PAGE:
Taking a step back, why is it important to teach and explore Black history?
It’s important because historically so much of Black history, at least in this country, has been omitted, watered down or not told from the perspective of those who actually were part of it.
There are parts of our nation’s story involving Black Americans that are not very pretty — namely 240-plus years of slavery and 100 years of Jim Crow. As uncomfortable as it might be, as uneasy as it might feel, those stories need to be told as because they’re part of the American story.
But it’s also important because it is also a story about people who persevered, people who triumphed, people who fought, people who were resistant to oppression and discrimination. It’s a story about people who were really, really wanting to try to hold this country to being the more perfect union that it seeks to be.
Why is it particularly important for young people to learn about Black history?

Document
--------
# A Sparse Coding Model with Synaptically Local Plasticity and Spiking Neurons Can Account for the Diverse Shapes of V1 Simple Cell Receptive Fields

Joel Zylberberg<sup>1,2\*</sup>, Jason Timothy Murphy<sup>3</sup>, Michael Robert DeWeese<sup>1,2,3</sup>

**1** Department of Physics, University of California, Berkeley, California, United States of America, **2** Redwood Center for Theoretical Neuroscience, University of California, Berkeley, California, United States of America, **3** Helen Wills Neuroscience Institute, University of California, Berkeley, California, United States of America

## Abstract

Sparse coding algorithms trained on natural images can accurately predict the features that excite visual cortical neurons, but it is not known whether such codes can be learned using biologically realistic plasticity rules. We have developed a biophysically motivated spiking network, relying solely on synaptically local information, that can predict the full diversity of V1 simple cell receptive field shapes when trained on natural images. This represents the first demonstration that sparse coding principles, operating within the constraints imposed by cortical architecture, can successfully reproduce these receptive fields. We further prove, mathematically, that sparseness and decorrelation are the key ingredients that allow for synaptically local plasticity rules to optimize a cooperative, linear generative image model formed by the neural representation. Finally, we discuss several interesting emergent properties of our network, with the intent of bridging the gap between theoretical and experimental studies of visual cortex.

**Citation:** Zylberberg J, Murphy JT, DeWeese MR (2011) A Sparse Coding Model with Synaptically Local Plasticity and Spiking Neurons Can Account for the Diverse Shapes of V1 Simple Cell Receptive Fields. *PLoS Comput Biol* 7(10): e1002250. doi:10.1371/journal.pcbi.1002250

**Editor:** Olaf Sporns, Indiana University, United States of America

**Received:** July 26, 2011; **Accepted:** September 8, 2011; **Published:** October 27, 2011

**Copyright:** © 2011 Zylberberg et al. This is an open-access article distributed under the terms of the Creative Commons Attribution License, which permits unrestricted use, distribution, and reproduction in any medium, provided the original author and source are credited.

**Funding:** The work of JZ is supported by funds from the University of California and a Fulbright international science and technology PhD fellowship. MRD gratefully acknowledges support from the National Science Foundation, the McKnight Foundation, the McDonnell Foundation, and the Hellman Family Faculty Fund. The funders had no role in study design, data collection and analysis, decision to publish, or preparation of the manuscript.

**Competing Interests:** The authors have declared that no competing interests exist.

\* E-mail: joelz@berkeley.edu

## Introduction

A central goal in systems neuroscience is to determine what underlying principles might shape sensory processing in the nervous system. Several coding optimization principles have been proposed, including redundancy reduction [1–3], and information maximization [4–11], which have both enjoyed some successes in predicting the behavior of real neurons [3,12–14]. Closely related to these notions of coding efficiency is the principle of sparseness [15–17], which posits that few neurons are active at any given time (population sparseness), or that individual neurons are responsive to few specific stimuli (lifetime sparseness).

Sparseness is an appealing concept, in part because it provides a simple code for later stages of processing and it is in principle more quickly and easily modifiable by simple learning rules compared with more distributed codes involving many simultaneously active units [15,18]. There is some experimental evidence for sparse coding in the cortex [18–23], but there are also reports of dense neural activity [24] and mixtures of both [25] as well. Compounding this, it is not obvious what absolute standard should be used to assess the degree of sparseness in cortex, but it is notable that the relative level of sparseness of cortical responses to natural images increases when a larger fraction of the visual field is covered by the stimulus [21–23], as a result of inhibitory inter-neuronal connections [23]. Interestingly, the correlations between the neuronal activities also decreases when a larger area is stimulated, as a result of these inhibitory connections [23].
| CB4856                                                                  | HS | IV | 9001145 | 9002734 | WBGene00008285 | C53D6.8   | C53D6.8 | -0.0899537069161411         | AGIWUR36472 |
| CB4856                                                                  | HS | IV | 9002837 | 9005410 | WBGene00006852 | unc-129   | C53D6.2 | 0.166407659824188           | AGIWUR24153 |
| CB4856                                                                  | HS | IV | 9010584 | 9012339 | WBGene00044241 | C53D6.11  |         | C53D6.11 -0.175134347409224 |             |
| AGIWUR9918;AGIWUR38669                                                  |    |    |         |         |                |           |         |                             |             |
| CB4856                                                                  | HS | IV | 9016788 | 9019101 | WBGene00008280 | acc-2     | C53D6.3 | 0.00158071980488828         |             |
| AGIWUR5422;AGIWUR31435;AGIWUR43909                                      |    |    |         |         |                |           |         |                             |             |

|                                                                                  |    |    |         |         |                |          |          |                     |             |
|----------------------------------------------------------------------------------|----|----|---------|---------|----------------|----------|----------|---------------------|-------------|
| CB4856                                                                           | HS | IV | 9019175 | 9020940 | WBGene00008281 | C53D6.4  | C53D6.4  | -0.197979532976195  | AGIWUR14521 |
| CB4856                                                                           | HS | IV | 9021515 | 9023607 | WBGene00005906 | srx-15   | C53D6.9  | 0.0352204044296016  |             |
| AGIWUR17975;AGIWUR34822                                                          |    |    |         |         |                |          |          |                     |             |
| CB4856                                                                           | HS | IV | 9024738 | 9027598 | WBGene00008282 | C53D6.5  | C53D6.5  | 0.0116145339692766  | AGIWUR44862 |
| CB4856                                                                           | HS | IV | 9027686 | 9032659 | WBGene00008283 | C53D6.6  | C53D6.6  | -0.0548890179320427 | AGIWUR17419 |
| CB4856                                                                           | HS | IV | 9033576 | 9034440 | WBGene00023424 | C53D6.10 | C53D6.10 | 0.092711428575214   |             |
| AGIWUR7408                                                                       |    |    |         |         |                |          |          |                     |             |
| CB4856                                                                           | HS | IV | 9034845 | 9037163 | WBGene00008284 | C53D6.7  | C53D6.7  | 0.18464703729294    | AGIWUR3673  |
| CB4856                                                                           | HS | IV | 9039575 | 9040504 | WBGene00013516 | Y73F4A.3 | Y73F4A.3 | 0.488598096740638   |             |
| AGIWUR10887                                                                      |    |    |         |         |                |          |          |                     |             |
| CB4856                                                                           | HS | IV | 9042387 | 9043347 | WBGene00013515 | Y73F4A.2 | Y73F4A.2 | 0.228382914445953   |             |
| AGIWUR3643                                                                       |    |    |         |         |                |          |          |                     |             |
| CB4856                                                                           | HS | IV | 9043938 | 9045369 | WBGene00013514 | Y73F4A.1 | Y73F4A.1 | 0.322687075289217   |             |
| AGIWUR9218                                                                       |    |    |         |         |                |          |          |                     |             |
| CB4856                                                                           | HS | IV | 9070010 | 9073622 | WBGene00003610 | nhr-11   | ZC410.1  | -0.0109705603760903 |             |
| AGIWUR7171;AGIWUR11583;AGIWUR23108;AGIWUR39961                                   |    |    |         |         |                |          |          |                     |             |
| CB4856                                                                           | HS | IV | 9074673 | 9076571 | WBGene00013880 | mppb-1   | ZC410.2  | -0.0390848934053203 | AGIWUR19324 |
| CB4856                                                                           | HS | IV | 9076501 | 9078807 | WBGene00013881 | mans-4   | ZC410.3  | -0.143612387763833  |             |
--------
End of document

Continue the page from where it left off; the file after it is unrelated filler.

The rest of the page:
Representation matters. It’s important for Black students to learn and understand about their contributions to this country. But it’s important for all students — regardless of their ethnic or racial backgrounds — to see themselves reflected in the larger narrative of the story the United States, to feel seen and heard and valued as full citizens.
You need to see yourself reflected in textbooks, teaching and curriculum. Seeing someone who looks like you who contributed to this country can bring about pride and increase self-esteem.
But while representation matters for Black students, it is also good for non-Black students. We can reduce stereotypes, eliminate prejudice and get rid of bias if kids who are not Black begin to hear affirming, positive stories about Black people, Black history and Black culture. So much misinformation exists, and that misinformation can lead to stereotyping, prejudice, racism or acts of discrimination.
For us to become more harmonious as a society, it’s vital for Black kids and non-Black students to learn about and understand their contributions to this country.
Read this article in UCLA Newsroom.